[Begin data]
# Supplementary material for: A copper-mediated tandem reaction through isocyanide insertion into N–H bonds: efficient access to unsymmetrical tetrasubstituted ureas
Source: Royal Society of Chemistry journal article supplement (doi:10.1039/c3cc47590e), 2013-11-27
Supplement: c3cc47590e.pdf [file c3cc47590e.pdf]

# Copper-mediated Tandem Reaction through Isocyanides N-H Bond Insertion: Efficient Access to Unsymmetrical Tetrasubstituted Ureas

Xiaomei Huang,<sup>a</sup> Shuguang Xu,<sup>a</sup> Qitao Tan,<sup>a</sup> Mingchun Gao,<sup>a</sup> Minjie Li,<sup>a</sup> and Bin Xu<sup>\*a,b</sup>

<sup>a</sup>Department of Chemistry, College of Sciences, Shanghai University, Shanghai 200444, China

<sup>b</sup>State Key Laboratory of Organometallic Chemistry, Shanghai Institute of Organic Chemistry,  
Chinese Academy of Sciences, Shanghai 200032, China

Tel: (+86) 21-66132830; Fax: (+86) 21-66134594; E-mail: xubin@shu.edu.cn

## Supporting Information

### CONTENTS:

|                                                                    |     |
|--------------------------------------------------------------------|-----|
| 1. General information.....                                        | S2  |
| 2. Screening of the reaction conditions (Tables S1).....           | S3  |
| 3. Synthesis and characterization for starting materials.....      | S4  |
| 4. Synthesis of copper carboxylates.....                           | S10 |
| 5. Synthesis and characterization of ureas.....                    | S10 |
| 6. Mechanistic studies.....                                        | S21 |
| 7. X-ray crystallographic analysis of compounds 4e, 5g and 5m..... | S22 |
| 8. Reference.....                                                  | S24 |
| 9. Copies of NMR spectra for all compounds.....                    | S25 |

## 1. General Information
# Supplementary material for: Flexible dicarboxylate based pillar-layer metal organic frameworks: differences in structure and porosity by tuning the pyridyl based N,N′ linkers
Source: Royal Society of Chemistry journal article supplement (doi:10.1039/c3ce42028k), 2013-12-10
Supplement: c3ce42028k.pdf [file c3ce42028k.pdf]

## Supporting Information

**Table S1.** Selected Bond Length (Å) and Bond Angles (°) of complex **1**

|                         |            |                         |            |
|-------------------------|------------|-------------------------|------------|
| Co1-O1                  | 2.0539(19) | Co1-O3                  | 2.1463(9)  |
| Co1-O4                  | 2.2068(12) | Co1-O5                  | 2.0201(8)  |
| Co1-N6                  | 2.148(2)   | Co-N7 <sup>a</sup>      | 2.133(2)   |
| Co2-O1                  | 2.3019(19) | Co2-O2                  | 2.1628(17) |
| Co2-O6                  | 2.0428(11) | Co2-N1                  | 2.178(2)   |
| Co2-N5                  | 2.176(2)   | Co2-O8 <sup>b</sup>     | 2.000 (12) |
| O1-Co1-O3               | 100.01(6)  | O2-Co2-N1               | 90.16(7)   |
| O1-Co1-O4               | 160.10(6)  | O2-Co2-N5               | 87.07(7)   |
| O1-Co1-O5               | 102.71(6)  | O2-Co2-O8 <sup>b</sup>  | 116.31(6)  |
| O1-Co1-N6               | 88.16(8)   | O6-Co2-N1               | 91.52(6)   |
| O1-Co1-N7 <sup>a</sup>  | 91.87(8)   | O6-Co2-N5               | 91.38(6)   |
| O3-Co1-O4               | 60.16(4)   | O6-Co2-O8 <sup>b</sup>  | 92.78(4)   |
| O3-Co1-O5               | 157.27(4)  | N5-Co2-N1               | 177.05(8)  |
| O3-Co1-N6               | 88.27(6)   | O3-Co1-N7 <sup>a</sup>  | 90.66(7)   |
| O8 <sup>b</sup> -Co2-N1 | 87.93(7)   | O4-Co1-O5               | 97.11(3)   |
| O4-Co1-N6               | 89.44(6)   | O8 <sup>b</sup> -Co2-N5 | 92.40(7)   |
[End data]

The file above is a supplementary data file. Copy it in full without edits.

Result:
# Supplementary material for: A copper-mediated tandem reaction through isocyanide insertion into N–H bonds: efficient access to unsymmetrical tetrasubstituted ureas
Source: Royal Society of Chemistry journal article supplement (doi:10.1039/c3cc47590e), 2013-11-27
Supplement: c3cc47590e.pdf [file c3cc47590e.pdf]

# Copper-mediated Tandem Reaction through Isocyanides N-H Bond Insertion: Efficient Access to Unsymmetrical Tetrasubstituted Ureas

Xiaomei Huang,<sup>a</sup> Shuguang Xu,<sup>a</sup> Qitao Tan,<sup>a</sup> Mingchun Gao,<sup>a</sup> Minjie Li,<sup>a</sup> and Bin Xu<sup>\*a,b</sup>

<sup>a</sup>Department of Chemistry, College of Sciences, Shanghai University, Shanghai 200444, China

<sup>b</sup>State Key Laboratory of Organometallic Chemistry, Shanghai Institute of Organic Chemistry,  
Chinese Academy of Sciences, Shanghai 200032, China

Tel: (+86) 21-66132830; Fax: (+86) 21-66134594; E-mail: xubin@shu.edu.cn

## Supporting Information

### CONTENTS:

|                                                                    |     |
|--------------------------------------------------------------------|-----|
| 1. General information.....                                        | S2  |
| 2. Screening of the reaction conditions (Tables S1).....           | S3  |
| 3. Synthesis and characterization for starting materials.....      | S4  |
| 4. Synthesis of copper carboxylates.....                           | S10 |
| 5. Synthesis and characterization of ureas.....                    | S10 |
| 6. Mechanistic studies.....                                        | S21 |
| 7. X-ray crystallographic analysis of compounds 4e, 5g and 5m..... | S22 |
| 8. Reference.....                                                  | S24 |
| 9. Copies of NMR spectra for all compounds.....                    | S25 |

## 1. General Information
# Supplementary material for: Flexible dicarboxylate based pillar-layer metal organic frameworks: differences in structure and porosity by tuning the pyridyl based N,N′ linkers
Source: Royal Society of Chemistry journal article supplement (doi:10.1039/c3ce42028k), 2013-12-10
Supplement: c3ce42028k.pdf [file c3ce42028k.pdf]

## Supporting Information

**Table S1.** Selected Bond Length (Å) and Bond Angles (°) of complex **1**

|                         |            |                         |            |
|-------------------------|------------|-------------------------|------------|
| Co1-O1                  | 2.0539(19) | Co1-O3                  | 2.1463(9)  |
| Co1-O4                  | 2.2068(12) | Co1-O5                  | 2.0201(8)  |
| Co1-N6                  | 2.148(2)   | Co-N7 <sup>a</sup>      | 2.133(2)   |
| Co2-O1                  | 2.3019(19) | Co2-O2                  | 2.1628(17) |
| Co2-O6                  | 2.0428(11) | Co2-N1                  | 2.178(2)   |
| Co2-N5                  | 2.176(2)   | Co2-O8 <sup>b</sup>     | 2.000 (12) |
| O1-Co1-O3               | 100.01(6)  | O2-Co2-N1               | 90.16(7)   |
| O1-Co1-O4               | 160.10(6)  | O2-Co2-N5               | 87.07(7)   |
| O1-Co1-O5               | 102.71(6)  | O2-Co2-O8 <sup>b</sup>  | 116.31(6)  |
| O1-Co1-N6               | 88.16(8)   | O6-Co2-N1               | 91.52(6)   |
| O1-Co1-N7 <sup>a</sup>  | 91.87(8)   | O6-Co2-N5               | 91.38(6)   |
| O3-Co1-O4               | 60.16(4)   | O6-Co2-O8 <sup>b</sup>  | 92.78(4)   |
| O3-Co1-O5               | 157.27(4)  | N5-Co2-N1               | 177.05(8)  |
| O3-Co1-N6               | 88.27(6)   | O3-Co1-N7 <sup>a</sup>  | 90.66(7)   |
| O8 <sup>b</sup> -Co2-N1 | 87.93(7)   | O4-Co1-O5               | 97.11(3)   |
| O4-Co1-N6               | 89.44(6)   | O8 <sup>b</sup> -Co2-N5 | 92.40(7)   |